boundary issues are added to the list of problems that need resolution. It is easy for reform gridlock to overtake the process. In Australia, the current reform process was initiated in at least 1994/95, and although progress has been substantial, it is not complete. High level leadership is essential, and a major crisis may be required to initiate change. Vested interests can be a useful group to drive change, as the outcomes can be beneficial to them, though this is not widely recognized. Policy settings have typically meant that water scarcity and price have not driven improved water management, a dismal policy failure. Governments should lead with an openness and honesty in disclosure to users of the gravity of the water crisis and its true cost. The use of free or heavily subsidized irrigation water to gain political advantage should no longer be acceptable. Land tenure issues are a perennial social and political issue, but are solvable. Farmers will hesitate to invest in improved technologies when they do not have adequate security. This can be in the form of a lease; however lease rights must be secure, respected and ideally inheritable and tradable. Inheritance practices leading to small and fragmented farms constrain agricultural and irrigation efficiency. Farmer profitability: The importance of a profitable agricultural sector, particularly at the farmer level, is frequently not well recognized or understood by politicians. Farm profitability is essential to allow investment in human capital, care of the land, technologies to improve labor productivity and farm management changes which involve risk. Low profitability farming businesses, be they large or small, struggle to retain the next generation in the business. In some Asian countries and sub-sectors, smallholder agriculture is profitable, in some it is not. But the problem is manifest, while many farmer households can rely on external income sources to make ends meet, a lack of profitability in the farming business still discourages further investment. Water reliability: Access to water also needs to be secure, with a surety of supply. Millions of hectares of irrigated agriculture in Asia rely on government managed irrigation schemes as the only supply of water. Unfortunately the farmers cannot rely on water to be delivered as needed in both timing and volume terms. The development of millions of (unlicensed) tube wells was in part a response by farmers to unreliable surface water delivery. On a range of key performance indicators—technical and financial—government run surface water irrigation schemes are often poorly managed. The challenge is how to move these systems into more modern management and possibly ownership structures when the status quo is entrenched in government departments. Fiscal pressures may drive the ministry of finance in many Asian countries to be the catalyst for change. Risk: small business owners, especially farmers and people with few assets, are risk averse. Reducing the risk associated with production and change will enable technologies to be more rapidly adopted.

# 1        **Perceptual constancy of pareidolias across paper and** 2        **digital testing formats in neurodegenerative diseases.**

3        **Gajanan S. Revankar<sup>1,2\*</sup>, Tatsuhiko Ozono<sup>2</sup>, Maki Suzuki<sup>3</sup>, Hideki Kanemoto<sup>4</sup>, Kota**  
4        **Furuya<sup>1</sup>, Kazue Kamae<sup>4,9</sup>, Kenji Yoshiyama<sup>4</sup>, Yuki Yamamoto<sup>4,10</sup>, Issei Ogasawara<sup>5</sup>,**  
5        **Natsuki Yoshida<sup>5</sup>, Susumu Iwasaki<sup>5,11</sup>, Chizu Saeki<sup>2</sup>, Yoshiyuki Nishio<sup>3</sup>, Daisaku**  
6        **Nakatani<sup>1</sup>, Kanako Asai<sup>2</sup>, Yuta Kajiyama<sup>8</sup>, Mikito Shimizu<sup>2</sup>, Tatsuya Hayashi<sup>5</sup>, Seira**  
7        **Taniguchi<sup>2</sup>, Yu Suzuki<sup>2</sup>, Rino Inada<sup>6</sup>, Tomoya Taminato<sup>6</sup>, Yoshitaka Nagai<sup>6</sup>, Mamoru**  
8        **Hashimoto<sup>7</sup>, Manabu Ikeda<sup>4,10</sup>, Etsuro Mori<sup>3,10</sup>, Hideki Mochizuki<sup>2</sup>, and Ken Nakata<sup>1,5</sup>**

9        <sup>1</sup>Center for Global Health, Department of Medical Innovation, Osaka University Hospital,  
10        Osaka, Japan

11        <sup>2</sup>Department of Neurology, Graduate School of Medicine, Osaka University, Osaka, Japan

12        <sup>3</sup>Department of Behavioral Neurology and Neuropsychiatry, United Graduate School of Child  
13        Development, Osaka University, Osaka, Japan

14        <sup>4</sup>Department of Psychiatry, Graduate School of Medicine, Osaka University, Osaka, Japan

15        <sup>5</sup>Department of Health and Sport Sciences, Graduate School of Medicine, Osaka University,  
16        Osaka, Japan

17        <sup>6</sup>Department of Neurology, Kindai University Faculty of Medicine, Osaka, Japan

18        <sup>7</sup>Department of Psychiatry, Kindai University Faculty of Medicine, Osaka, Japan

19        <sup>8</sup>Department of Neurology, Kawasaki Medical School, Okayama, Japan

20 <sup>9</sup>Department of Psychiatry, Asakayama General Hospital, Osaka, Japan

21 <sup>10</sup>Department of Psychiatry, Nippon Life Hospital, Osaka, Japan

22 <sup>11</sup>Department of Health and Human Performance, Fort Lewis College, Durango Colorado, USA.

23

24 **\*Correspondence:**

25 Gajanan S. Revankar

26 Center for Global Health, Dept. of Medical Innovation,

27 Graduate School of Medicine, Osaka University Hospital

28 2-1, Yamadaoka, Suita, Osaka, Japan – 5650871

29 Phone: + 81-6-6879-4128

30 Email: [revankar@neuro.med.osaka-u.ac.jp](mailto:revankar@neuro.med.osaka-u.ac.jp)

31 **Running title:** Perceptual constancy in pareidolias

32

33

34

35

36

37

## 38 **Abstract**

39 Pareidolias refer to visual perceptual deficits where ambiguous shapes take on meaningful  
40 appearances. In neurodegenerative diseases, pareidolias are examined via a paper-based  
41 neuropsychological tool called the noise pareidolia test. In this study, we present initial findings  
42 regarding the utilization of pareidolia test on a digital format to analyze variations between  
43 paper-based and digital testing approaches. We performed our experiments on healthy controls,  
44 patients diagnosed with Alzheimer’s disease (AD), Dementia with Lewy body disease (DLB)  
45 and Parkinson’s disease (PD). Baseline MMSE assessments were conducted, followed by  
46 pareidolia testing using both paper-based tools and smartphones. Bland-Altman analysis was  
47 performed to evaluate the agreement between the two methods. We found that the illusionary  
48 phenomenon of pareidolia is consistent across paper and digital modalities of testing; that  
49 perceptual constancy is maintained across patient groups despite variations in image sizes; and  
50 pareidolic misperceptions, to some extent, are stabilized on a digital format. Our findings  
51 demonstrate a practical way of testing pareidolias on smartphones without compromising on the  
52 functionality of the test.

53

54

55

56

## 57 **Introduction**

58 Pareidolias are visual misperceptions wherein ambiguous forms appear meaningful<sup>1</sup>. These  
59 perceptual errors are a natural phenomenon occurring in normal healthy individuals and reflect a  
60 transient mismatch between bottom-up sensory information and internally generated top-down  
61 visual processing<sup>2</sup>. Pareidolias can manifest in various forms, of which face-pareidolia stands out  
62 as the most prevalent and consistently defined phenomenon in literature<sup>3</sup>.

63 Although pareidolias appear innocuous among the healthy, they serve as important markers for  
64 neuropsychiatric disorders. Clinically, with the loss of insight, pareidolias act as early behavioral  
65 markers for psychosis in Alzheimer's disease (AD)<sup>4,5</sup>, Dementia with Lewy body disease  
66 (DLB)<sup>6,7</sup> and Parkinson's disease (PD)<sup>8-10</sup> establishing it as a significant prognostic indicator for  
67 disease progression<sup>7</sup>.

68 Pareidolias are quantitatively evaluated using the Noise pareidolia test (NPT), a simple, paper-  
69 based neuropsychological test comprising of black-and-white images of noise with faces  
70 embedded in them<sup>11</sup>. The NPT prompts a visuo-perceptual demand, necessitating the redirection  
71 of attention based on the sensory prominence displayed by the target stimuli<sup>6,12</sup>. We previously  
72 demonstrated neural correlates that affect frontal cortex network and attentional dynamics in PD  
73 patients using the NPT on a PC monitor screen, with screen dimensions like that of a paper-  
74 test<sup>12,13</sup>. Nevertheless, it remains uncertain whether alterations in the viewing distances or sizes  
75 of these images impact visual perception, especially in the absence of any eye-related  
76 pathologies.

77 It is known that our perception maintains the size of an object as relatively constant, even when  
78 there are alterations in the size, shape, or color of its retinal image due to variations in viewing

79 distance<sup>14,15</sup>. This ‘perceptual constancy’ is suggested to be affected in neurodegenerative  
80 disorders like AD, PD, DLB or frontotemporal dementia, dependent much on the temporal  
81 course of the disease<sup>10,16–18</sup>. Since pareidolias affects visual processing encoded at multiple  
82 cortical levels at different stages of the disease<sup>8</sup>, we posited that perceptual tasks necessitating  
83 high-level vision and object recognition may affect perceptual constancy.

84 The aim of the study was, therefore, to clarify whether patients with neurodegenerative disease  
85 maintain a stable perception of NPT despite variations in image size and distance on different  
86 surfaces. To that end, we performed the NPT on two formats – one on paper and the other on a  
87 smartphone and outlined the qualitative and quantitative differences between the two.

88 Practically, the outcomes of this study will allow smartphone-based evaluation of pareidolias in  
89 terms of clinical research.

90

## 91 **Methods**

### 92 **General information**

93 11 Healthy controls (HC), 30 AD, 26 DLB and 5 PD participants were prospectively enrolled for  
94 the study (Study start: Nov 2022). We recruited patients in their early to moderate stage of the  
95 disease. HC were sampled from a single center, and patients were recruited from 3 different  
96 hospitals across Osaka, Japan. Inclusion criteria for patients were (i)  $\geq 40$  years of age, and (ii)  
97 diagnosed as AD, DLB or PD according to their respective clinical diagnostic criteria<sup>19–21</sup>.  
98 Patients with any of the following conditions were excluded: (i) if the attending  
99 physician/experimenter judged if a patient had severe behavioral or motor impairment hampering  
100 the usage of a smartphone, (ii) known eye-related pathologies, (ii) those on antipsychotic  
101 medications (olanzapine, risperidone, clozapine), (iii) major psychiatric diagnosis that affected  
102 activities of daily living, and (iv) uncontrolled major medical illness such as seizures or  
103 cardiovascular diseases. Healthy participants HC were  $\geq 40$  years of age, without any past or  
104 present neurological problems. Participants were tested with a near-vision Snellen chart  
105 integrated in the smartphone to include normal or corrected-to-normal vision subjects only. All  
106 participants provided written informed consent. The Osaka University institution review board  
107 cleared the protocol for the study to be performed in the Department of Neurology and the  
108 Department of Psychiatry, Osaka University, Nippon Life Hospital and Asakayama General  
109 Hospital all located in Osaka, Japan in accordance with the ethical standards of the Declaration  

Business environment hurdles can prevent new technologies being adopted. For example: high customs duties on imported micro irrigation products, business environment difficulties for entrepreneurs to offer contracting services to farmers, or fertilizer subsidies which make non-chemical fertilizer inputs less attractive for farmers. The availability of finance for soft and hard investments may or may not be a constraint. Development partners can provide catalytic finance, however finance should become self-sustaining from a within country basis. While higher risk in agriculture results in high interest rates, high interest rates from both formal and informal finance sources also results in high risk for agriculture, and is a cause of unmanageable indebtedness for many Indian small farmers. Opportunities Fortunately there are many opportunities to bring solutions for improved water management and WP I will focus on opportunities where ADB can add value. . Water Policy: Through technical assistance operations, ADB, with other development partners, can provide support to governments to examine existing policy, legislative and regulatory arrangements and sensible ways forward. Two recent examples include “Preparation of the Nepal Agricultural Development Strategy” and “The Report of the Water Sector Task Force of the Friends of Democratic Pakistan: Infrastructure and Institutions for a Productive and water-secure Pakistan.” The highest economic and financial return on effort and investment comes from having the correct policy, regulatory and legislative settings. Governments and ADB need to recognize that developing and implementing a water reform agenda is a long term process, and real commitment from both sides is essential. Land tenure and business environment issues and challenges are largely policy, regulatory and legislative in nature, however also require investment when the direction has been set. ADB provides both advisory assistance and investment to developing member countries (DMCs). Water reliability: Many irrigation farmers and irrigation districts in Asia face issues relating to irrigation reliability—timeliness of delivery, water shortages, variable and often decreasing annual allocations, absence of property rights, ground water over-extraction and declining water tables. While some of these issues are policy related, at the operational level most Asian irrigation schemes are still government owned and managed. Corporatization of electricity and urban water and sanitation services has worked well in many DMCs, and of bulk water in many developed countries, so why can’t corporatization of state run irrigation systems work well in DMCs as a first step to improved performance (as demonstrated in Viet Nam)? Passing management and financial responsibility to the irrigators is also a sensible and viable step. More sophisticated ownership and management arrangements